Archive for Swear words

Strong language

I have no context for this photo, but the character on the car and sign behind make the situation pretty obvious. Courtesy of Josh Ellis on Facebook, via Michael Cannings on Twitter:

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xie死

In "A Sino-English grammatical construction", I wrote about "笑CRY", which consists of a Chinese character and an English word.  Today I'll write about xie死, which consists of a Chinese morpheme spelled with Roman letters and a Chinese character, sǐ 死 ("die").

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Curses! Introducing a new blog, "Strong Language"

There's a new linguablog that's definitely worth your time if you're not put off by vulgarities. And if you revel in vulgarities, well, you're in luck. It's called Strong Language, and it's the creation of James Harbeck and Stan Carey.

James and Stan have enlisted a great lineup of contributors (I'm happy to be one of them). As the "About" page explains, Strong Language "gives a place for professional language geeks to talk about things they can’t talk about in more polite contexts. It’s a sweary blog about swearing."

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WT[bleep]?

Those LLog readers who aren't already Radiolab listeners should give their latest episode on translation a listen. There are 8 stories packed into this one episode, a few about language and a few not-so-much, but all of them well-worth the price of admission.

But I'm not just here to promote Radiolab. I'm also here to comment on something that happened in this episode that I am now very curious about (curious-enough-to-blog-and-solicit-comments curious, not curious-enough-to-do-some-real-research-of-my-own curious). There's a point in the show where one of the show's hosts (Jad Abumrad) warns listeners that there's going to be some raunchy language used and discussed for the next several minutes; even though the putatively offensive words were bleeped out in the version I listened to (via my iTunes podcast subscription), it was clear that I wouldn't have wanted my 5-year-old child to hear the piece so I appreciated the warning.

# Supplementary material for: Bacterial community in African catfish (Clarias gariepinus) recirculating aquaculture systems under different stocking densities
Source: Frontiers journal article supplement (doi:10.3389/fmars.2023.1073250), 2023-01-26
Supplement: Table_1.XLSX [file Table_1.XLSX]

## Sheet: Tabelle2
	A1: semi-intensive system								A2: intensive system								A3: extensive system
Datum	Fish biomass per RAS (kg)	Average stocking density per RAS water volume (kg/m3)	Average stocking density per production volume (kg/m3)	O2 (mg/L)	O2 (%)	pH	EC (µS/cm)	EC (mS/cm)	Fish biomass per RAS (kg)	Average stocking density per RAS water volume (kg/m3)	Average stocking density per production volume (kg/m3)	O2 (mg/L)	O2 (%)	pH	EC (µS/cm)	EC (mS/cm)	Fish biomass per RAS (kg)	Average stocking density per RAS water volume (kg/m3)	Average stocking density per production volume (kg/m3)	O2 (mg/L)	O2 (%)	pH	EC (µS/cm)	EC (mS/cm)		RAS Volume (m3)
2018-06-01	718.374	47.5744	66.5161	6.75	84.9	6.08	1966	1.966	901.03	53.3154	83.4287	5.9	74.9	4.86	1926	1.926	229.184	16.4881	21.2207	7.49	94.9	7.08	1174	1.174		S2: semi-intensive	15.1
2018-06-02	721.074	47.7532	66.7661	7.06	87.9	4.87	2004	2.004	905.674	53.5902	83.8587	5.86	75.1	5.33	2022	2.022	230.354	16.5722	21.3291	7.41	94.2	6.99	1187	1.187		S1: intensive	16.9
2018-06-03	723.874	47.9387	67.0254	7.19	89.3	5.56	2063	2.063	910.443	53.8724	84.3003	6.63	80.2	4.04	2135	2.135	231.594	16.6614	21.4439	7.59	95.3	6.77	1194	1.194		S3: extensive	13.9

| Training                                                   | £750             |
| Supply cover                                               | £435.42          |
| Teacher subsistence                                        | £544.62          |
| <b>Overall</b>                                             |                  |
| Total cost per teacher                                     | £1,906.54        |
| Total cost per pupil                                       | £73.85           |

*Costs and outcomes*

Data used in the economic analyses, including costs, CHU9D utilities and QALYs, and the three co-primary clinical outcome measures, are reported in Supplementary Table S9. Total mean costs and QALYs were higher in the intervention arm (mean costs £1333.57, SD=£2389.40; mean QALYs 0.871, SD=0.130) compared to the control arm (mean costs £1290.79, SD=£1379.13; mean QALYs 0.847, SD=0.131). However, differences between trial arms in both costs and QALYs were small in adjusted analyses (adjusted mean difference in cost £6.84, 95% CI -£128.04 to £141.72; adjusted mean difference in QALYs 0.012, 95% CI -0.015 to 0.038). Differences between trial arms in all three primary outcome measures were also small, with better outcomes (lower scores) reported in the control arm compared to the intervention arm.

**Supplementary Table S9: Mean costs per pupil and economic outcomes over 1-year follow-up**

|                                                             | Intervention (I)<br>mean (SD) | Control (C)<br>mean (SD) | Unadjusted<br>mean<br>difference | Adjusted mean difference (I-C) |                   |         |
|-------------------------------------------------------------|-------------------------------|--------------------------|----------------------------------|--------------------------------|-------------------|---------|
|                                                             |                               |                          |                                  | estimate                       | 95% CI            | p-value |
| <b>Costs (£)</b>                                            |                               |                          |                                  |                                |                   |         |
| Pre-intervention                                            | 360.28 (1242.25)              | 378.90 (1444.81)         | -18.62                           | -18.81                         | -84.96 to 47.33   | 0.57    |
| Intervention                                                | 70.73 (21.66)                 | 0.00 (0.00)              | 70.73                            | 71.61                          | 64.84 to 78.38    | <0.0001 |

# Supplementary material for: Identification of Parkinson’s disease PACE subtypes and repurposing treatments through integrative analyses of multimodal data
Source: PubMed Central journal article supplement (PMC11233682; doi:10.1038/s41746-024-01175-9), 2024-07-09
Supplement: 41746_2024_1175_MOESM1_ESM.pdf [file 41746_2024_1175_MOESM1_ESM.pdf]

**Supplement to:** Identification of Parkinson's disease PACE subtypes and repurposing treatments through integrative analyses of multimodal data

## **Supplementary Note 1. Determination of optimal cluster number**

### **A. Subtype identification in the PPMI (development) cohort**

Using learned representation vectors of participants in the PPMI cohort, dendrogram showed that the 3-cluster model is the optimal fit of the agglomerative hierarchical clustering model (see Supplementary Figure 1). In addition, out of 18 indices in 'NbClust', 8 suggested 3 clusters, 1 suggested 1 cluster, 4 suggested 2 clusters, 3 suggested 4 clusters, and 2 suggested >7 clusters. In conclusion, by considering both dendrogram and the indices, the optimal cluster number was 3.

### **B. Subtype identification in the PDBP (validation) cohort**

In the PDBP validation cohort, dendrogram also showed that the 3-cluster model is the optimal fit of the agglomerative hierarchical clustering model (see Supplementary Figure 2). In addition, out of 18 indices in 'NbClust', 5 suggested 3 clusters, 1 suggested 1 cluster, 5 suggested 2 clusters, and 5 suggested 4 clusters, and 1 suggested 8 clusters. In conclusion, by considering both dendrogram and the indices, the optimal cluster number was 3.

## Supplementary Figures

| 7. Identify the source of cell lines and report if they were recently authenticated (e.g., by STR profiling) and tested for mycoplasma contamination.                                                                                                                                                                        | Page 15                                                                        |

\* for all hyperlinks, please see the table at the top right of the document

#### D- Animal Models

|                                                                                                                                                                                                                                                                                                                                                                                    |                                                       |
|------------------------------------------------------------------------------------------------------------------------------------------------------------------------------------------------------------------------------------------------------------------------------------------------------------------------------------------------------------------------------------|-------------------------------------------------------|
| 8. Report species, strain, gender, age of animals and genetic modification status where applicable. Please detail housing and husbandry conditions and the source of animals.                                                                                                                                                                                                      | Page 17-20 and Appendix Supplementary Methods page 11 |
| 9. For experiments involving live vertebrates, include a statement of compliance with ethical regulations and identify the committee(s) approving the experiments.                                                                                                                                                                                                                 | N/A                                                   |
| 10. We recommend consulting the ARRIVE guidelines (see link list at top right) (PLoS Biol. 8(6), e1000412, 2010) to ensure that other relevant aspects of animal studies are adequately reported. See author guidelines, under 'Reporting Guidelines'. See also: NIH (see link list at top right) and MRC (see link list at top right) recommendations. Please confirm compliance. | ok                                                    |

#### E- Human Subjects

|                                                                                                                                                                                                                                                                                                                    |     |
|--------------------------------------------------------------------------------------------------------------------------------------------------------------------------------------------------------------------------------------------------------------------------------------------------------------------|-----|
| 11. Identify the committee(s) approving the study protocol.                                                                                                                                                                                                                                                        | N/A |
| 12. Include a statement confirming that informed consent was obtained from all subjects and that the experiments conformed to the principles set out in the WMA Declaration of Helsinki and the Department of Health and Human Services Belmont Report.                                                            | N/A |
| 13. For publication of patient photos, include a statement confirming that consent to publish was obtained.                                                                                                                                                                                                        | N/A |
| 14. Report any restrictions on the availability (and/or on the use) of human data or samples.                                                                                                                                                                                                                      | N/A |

But at the very end of the episode, something very different happens. With no warning whatsoever, long strings of uncensored expletives assaulted my ears. I was wearing headphones and nobody else was around, but still I wondered: where was the warning? Why was there no bleeping? And then I realized that I wasn't listening to people speaking English anymore, but rather people swearing in other languages — and the first one was Spanish, which I am also a native speaker of.

But still: is Radiolab's audience (and their innocent children!) not at least potentially multilingual? Why the bleeping of English words and the elaborate warning preceding a story about their use, but no warning or bleeping whatsoever about the same sorts of words in other languages? It's not like I ever understood this sort of censorship and prudishness in the first place, but now I'm royally confused.

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The paucity of curse words in Japanese, chapter 2

[Guest post by Bob Ramsey]

I’ve been thinking about this subject for more than thirty years. It started for me back in the late 70s. Back then, Herb Passin, who was at the time a professor of sociology at Columbia (remember him?), published a series of articles on language subjects in a popular Japanese magazine, and then in 1980 published them in an English-language volume called Japanese and the Japanese: Language and Culture Change (Kinseido). One of those essays of his was called “Comparative Profanity”, where he made the claim that “Japanese curse words and expletives are basically different in nature from the other major languages of the world.” The essay was more than a little over the top, of course, but it certainly gave me some food for thought.

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The paucity of curse words in Japanese

In "Ichiro Suzuki Uncensored, en Español:  Between the Lines, Japanese Star Is Known as a First-Class Spanish Trash Talker", via Andy Cheung, the Yankees outfielder is quoted thus:  "…we don't really have curse words in Japanese, so I like the fact that the Western languages allow me to say things that I otherwise can't."

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